…..particularly in the absence of value. In a recent New York Times article titled “Give Fees an Inch, and They’ll Take a Mile”, Jeff Sommer references a recent bulletin for investors issued by the S.E.C. – How Fees and Expenses Affect Your Investment Portfolio.”
Needless to say, the effect is not positive.
Carefully monitoring investment expenses is one of the most reliable ways any investor can improve their bottom line. But in the complex and opaque world of investment products investors operate in today, this is easier said than done. As an example, while the article focuses on mutual fund total operating expense (expense ratio) as the key expense metric, in reality stock mutual funds pay additional expenses which come out of the return to the investor but are not captured by the expense ratio in transaction costs – the cost to make trades in the portfolio as directed by the manager. Research on this issue suggests the cost of trading adds between 0.50% and 1.5% for most actively managed mutual funds.
With expenses of this magnitude, it is clear that carefully considering the trade-off between expenses and benefits offered by different asset classes and investment products is one of the important ways a good advisor can add value. And of course the answer isn’t the same for every investor. Investment time horizon and investment objective (total return versus income, for example) can play a key role in evaluating these tradeoffs. Monitoring and controlling expenses is definitely an important element of thoughtful portfolio construction – but it isn’t the only metric that matters.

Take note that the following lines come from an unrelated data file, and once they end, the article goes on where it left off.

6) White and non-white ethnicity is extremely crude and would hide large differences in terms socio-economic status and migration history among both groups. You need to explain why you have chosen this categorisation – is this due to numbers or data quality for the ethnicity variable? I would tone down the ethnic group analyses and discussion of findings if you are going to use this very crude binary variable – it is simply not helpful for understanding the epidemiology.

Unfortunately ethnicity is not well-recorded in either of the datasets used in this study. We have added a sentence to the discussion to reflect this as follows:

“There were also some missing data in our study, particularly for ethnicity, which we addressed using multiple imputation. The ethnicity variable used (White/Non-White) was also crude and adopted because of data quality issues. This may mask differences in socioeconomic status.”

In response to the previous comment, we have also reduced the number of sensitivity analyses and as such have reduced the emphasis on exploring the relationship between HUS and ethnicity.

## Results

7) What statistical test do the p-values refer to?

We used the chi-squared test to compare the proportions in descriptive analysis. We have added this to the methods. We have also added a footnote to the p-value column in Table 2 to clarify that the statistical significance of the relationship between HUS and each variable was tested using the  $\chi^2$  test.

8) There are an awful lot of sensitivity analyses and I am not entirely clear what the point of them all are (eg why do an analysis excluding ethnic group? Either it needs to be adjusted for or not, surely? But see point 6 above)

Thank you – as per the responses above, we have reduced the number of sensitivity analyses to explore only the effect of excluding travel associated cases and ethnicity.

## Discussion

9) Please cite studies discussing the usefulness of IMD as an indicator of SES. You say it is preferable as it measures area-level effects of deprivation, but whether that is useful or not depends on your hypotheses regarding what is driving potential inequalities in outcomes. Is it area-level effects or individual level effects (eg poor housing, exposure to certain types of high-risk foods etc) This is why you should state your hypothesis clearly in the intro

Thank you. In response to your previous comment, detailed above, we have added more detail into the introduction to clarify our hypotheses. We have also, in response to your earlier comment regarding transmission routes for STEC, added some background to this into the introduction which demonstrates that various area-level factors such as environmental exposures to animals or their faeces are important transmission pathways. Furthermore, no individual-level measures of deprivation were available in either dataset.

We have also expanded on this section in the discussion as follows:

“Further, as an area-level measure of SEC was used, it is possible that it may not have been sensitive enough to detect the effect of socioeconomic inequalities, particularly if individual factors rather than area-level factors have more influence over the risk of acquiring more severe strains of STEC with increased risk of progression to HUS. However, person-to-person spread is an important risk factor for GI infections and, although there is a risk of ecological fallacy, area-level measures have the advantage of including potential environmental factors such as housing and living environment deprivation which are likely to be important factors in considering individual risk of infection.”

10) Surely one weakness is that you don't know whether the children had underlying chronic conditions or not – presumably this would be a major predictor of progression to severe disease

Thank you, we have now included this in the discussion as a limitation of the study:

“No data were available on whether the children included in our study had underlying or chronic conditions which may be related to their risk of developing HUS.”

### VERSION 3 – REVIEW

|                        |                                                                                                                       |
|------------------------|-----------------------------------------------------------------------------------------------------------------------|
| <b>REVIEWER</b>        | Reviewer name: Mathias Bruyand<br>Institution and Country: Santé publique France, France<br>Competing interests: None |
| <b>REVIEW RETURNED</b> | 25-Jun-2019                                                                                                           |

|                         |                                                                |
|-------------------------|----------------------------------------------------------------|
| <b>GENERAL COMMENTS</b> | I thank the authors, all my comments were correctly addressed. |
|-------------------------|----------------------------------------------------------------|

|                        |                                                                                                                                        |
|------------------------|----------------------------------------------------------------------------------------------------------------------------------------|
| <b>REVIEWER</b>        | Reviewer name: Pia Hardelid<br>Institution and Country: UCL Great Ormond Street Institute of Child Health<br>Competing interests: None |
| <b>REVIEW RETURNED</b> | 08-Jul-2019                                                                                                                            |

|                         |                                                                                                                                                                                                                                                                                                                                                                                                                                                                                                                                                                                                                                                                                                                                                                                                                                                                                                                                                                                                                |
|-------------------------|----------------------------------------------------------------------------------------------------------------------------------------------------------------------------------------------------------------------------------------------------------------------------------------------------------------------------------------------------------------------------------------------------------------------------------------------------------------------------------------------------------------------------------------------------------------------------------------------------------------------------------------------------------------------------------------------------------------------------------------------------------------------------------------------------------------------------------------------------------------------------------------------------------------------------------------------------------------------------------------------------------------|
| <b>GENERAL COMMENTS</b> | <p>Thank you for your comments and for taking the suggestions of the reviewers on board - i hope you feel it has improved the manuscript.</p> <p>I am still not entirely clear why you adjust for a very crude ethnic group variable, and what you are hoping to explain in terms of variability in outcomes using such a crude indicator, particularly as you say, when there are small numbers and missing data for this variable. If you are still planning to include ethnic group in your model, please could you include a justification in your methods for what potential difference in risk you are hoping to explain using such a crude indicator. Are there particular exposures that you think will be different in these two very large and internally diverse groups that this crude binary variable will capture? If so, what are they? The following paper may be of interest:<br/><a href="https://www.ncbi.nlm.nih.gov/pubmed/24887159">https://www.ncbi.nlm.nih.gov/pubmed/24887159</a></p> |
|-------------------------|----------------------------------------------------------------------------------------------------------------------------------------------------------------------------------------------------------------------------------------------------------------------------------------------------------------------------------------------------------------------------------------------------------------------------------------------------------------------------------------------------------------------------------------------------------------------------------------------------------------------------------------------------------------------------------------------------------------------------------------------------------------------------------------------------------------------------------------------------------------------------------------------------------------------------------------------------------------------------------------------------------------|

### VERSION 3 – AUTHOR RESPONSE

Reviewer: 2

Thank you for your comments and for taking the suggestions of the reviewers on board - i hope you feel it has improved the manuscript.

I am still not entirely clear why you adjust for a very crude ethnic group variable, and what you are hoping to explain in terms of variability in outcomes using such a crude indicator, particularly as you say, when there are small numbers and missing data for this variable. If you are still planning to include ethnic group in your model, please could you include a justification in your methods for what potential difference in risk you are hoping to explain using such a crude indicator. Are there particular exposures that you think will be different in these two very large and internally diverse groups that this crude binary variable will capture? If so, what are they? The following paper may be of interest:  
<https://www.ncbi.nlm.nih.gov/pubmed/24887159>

For most investors, constructing the an optimal portfolio will involve use of some investment products and/or asset classes that aren’t necessarily the least costly, but add meaningfully to achieving the investor’s primary investment objective.
Read the full New York Times article here: http://nyti.ms/1i1K9rO